So often young adult literature is dismissed as not "serious" — i.e. full of dragons and wizards and teenage girls obsessed with their latest crushes. But Lockhart proves that you can't generalize any category of literature. We Were Liars is brutal and heartbreaking. It's about the elusiveness of memory, about mental health, and about the complicated nature of loving your family while not always liking them. And Lockhart's writing skills are top-notch, and turns of phrase and excerpts stick with you long after you've finished reading.
3. No One Can Stop Talking About It
Think of last year. The Goldfinch was probably the most talked about book of the year, and Goodreads agrees. You can't choose any book in 2012 other than Gone Girl — you just can't. These are the kids of books that wrap you up obsessively and spit you out. You can't stop talking about them to everyone you know. Sounds just like We Were Liars to me.
When you finish We Were Liars, you're a part of a secret club that knows the twist at the end, that has solved the mystery. The entire marketing campaign for the book was built around not spoiling the surprise ending for other readers, and it totally worked.
If anyone came to me for a vacation read this summer, or a plane read for holiday travel, I recommended We Were Liars before anything. It's the kind of book you feel compelled to share so that you have another person with whom to talk about it.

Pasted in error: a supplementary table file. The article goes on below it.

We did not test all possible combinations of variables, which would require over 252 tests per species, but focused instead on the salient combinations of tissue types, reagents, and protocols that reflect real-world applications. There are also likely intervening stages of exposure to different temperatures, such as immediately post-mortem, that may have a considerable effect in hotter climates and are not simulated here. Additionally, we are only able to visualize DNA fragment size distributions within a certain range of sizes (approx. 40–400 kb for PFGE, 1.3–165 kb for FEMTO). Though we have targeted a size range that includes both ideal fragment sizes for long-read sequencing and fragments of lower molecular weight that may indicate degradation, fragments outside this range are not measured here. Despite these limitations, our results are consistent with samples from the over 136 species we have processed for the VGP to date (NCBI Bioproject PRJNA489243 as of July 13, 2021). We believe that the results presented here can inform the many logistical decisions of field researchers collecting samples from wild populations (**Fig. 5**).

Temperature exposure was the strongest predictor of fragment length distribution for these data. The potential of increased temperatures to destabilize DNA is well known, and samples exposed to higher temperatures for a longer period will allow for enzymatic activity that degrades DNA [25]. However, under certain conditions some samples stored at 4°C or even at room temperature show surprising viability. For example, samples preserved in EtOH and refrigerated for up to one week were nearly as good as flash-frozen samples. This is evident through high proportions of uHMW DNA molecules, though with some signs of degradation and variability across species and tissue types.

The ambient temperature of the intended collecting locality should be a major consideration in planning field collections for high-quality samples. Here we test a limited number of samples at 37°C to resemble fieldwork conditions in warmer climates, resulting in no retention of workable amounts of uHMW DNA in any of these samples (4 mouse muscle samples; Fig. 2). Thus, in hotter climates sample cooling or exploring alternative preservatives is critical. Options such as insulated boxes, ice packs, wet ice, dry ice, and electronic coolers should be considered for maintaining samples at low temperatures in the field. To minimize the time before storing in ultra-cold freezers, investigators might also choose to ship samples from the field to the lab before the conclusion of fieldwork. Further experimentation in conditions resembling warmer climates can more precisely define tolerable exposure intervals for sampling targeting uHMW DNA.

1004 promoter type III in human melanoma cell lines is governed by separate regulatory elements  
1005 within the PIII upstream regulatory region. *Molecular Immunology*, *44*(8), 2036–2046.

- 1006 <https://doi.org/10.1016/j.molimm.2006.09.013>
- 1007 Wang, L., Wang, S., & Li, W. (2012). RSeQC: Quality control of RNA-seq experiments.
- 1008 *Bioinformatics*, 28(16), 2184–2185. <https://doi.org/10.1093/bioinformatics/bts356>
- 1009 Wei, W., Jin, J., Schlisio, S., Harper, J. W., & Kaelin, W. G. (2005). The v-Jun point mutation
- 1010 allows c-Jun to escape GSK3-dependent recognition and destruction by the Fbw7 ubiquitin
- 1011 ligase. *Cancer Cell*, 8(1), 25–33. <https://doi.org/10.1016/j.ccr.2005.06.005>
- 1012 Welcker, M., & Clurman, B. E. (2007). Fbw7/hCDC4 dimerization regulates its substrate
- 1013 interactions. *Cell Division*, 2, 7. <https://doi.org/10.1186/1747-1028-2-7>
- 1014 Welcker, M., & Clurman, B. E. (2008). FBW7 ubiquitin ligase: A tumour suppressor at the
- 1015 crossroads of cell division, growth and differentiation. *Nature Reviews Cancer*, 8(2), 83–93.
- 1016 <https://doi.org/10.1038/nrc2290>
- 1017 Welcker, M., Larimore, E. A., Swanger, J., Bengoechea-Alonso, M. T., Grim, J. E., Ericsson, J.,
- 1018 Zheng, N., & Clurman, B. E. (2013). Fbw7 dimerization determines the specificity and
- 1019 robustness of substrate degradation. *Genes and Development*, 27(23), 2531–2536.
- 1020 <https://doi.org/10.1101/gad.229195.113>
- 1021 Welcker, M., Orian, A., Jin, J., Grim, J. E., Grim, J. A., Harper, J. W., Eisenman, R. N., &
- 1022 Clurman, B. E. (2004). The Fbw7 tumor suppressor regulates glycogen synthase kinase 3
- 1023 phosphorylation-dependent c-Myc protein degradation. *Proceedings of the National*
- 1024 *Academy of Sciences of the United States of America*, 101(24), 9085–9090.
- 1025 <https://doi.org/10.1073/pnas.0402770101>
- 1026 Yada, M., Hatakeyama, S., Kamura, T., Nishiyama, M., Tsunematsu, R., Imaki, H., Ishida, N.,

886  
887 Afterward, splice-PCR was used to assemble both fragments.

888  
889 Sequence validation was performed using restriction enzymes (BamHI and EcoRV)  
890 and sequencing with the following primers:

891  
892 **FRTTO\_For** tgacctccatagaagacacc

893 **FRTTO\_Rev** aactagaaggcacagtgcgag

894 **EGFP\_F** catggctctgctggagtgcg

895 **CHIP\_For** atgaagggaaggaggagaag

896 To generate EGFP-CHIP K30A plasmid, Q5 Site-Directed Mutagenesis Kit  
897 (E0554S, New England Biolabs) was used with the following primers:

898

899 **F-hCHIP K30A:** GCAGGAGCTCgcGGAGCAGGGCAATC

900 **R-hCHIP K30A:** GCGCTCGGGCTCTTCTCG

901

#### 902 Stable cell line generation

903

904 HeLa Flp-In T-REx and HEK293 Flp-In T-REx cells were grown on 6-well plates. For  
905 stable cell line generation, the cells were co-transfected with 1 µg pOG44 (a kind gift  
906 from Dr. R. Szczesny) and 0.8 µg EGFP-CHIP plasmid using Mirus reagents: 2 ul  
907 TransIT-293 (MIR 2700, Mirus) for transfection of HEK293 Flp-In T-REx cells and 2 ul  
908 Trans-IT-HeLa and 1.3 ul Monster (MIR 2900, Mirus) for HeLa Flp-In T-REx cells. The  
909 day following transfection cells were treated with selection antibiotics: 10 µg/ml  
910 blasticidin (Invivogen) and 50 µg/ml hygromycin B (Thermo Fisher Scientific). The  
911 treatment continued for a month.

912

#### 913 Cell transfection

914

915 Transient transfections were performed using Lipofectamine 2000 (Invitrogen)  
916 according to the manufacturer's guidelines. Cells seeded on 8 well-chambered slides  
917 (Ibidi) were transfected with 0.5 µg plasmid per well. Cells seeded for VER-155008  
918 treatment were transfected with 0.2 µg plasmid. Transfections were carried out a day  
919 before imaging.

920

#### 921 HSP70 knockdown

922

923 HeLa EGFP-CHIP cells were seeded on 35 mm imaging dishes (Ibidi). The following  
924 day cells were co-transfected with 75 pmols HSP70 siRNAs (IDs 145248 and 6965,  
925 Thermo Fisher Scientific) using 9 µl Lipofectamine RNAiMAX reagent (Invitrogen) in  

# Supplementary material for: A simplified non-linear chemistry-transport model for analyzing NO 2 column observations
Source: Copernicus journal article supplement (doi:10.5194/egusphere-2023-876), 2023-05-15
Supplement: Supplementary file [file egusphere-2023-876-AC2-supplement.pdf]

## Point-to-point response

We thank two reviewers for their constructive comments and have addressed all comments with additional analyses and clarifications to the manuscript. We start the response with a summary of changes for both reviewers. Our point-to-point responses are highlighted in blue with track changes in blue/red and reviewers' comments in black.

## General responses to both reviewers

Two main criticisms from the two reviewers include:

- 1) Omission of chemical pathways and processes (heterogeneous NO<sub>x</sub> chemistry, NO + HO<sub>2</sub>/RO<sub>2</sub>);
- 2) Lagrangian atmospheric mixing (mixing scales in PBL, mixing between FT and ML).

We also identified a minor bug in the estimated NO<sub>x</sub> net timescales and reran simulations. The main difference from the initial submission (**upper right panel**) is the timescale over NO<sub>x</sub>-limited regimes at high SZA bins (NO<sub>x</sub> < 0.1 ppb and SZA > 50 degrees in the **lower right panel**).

Being an It Book means that the novel has crossed pretty much every age, gender, and genre boundary to reach all kinds of readers, who all enjoy and talk about it. And E. Lockhart, who already has a Printz Award nom and a National Book Award finalist designation under her belt, certainly isn't an up-and-coming author who needs this kind of attention for her career. She's already well established. But for Lockhart and the entire YA community, it would be fitting this year of all years, to have a young adult book grab the title.
In a year when it seems everyone with an Internet connection is concerned about adults reading YA and the detriment it could pose to reading and society at large, it's helpful to be able to raise up a stunning young adult book and say, "You've got it wrong."
To dismiss young adult literature as merely an exercise in nostalgia is a mistake. Sarah Burnes points out in "Why This Grown-Up Reads YA" in The Paris Review that creating a dividing line between adult and YA is a mistake:
The binary between children’s and adult fiction is a false one, based on a limited conception of the self. I have not ceased to be the person I was when I was an adolescent; in fact, to think so seems to me like a kind of dissociation from a crucial aspect of one’s self. And the critic should be concerned with what is good and what is bad, what is art and what is not — not with what’s “appropriate.” As C. S. Lewis also wrote: “When I became a man I put away childish things, including the fear of childishness” — and so have I.
Memories of childhood summers aren't the only thing that make me love We Were Liars, but also my grown-up eyes that can see just how powerful Lockhart's prose is, and how subtle she works in themes on memory — something adult literature and pop culture still struggles to do. The things that I learned as a child, as a teenager, and as an adult are all part of the way I look at all literature, and together they're the reason I think We Were Liars stands out this year, no matter where you'll find it in the bookstore.
Images: We Were Liars Book Tumblr (3)